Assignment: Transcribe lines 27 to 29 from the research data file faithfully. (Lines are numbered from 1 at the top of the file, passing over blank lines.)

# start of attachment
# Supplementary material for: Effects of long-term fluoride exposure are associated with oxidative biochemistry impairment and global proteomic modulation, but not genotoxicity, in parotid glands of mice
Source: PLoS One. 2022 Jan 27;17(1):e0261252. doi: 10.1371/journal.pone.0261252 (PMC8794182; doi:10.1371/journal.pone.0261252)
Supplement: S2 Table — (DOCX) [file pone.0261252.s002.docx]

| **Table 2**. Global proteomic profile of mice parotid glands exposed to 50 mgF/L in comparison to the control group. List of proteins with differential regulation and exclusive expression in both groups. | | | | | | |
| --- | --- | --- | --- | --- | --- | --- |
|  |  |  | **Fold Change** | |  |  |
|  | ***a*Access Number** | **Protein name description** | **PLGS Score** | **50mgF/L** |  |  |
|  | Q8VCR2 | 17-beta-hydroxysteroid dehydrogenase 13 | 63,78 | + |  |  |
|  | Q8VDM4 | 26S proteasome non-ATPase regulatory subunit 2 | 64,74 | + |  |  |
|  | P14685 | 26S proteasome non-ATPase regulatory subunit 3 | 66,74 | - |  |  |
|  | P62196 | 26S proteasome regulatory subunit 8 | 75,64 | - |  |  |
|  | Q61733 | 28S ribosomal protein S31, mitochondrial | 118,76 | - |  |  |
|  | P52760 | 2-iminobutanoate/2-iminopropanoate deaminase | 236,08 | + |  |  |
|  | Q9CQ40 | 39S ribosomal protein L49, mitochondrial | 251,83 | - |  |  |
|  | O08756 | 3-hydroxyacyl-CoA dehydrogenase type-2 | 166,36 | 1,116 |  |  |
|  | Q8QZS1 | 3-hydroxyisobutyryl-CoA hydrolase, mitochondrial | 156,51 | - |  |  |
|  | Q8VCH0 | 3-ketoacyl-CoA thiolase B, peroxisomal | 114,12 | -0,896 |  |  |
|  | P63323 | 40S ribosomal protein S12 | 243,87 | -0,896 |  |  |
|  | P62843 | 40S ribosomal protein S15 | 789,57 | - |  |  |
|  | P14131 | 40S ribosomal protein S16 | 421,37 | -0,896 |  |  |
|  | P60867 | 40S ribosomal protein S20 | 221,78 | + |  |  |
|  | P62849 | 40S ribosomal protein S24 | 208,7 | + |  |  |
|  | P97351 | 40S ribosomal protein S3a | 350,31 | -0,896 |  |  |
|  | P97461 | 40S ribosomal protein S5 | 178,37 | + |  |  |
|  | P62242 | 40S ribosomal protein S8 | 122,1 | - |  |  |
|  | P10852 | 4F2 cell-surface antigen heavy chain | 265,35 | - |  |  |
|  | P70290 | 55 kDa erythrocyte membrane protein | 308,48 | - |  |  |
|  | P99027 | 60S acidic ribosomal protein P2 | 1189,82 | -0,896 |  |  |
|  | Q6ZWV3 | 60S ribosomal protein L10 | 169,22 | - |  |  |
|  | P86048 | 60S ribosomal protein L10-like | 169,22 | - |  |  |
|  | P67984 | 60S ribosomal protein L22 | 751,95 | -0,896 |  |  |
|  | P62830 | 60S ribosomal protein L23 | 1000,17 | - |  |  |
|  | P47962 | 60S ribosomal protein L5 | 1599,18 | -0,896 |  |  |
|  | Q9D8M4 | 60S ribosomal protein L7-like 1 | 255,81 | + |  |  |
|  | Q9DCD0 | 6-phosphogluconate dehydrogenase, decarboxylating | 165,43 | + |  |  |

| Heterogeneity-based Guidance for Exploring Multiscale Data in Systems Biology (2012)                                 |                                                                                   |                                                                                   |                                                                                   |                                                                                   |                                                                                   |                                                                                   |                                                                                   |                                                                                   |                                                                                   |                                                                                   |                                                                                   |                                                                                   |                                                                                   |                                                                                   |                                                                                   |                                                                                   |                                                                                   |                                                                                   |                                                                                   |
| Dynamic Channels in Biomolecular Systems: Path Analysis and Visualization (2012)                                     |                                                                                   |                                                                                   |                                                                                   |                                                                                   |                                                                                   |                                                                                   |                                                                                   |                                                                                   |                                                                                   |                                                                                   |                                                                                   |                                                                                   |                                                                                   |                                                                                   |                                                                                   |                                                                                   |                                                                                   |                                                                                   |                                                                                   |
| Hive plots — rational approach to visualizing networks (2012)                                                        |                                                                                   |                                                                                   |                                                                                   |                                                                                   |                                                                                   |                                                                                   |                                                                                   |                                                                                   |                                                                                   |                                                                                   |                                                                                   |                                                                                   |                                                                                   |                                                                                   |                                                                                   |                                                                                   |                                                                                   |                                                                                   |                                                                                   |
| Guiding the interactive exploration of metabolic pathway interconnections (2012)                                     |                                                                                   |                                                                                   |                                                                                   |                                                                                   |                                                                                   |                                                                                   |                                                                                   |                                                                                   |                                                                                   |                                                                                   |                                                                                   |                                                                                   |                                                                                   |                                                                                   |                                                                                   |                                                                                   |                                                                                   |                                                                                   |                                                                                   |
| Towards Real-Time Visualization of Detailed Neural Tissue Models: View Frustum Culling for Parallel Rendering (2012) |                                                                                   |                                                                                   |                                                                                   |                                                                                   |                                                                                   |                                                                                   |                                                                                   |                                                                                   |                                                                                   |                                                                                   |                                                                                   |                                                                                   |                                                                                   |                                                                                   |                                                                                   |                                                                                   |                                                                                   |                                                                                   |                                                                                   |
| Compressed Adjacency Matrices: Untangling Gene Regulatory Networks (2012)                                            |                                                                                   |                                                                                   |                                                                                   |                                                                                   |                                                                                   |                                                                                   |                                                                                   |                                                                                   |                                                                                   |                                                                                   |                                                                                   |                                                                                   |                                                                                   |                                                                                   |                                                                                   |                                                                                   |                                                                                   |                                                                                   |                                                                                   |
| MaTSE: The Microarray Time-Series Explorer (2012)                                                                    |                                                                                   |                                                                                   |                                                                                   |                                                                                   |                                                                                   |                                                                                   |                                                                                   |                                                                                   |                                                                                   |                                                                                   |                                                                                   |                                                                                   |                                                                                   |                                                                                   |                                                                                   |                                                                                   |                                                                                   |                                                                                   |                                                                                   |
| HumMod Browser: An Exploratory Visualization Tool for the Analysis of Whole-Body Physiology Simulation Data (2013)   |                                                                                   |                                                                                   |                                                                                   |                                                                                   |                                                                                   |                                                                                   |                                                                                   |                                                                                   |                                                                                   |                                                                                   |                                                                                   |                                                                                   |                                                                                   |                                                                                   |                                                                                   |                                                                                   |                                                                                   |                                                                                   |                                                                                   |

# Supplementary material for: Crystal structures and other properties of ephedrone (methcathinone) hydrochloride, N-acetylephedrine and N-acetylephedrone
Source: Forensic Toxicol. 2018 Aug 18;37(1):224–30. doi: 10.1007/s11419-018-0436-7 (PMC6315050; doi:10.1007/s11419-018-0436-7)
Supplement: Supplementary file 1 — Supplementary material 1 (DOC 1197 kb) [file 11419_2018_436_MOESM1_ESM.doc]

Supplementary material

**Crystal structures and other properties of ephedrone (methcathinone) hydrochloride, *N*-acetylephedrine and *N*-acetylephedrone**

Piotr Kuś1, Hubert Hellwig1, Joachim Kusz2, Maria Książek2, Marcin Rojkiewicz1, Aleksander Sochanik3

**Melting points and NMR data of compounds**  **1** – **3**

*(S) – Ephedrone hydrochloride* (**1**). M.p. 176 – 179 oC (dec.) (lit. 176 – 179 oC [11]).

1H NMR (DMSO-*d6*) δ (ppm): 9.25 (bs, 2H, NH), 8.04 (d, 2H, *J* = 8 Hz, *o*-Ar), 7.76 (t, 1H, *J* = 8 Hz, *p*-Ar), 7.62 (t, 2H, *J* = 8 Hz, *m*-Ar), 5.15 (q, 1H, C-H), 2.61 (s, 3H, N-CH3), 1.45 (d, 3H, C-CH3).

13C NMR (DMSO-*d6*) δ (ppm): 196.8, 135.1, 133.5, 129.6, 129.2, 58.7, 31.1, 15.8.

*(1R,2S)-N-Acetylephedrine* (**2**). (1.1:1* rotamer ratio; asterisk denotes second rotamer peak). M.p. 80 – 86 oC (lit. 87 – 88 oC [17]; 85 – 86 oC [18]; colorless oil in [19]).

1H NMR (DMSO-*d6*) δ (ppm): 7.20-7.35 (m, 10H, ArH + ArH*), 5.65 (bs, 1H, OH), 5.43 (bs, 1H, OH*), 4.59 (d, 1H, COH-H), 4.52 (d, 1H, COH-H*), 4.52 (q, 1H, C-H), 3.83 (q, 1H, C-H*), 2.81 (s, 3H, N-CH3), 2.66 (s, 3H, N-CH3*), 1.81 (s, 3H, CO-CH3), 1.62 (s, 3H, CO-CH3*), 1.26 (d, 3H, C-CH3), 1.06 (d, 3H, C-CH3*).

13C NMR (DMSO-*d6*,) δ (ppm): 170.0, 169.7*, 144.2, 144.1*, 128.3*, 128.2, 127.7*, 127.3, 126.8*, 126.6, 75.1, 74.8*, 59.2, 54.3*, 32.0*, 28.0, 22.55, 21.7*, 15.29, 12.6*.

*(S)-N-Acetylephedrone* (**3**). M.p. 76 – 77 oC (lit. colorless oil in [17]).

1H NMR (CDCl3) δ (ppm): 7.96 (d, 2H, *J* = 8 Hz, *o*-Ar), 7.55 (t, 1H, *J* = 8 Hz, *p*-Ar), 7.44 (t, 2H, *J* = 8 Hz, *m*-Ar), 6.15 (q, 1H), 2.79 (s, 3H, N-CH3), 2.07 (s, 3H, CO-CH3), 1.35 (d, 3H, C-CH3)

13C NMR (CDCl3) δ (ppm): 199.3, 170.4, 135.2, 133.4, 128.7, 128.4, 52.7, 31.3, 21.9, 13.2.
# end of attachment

|  | P70290 | 55 kDa erythrocyte membrane protein | 308,48 | - |  |  |
|  | P99027 | 60S acidic ribosomal protein P2 | 1189,82 | -0,896 |  |  |
|  | Q6ZWV3 | 60S ribosomal protein L10 | 169,22 | - |  |  |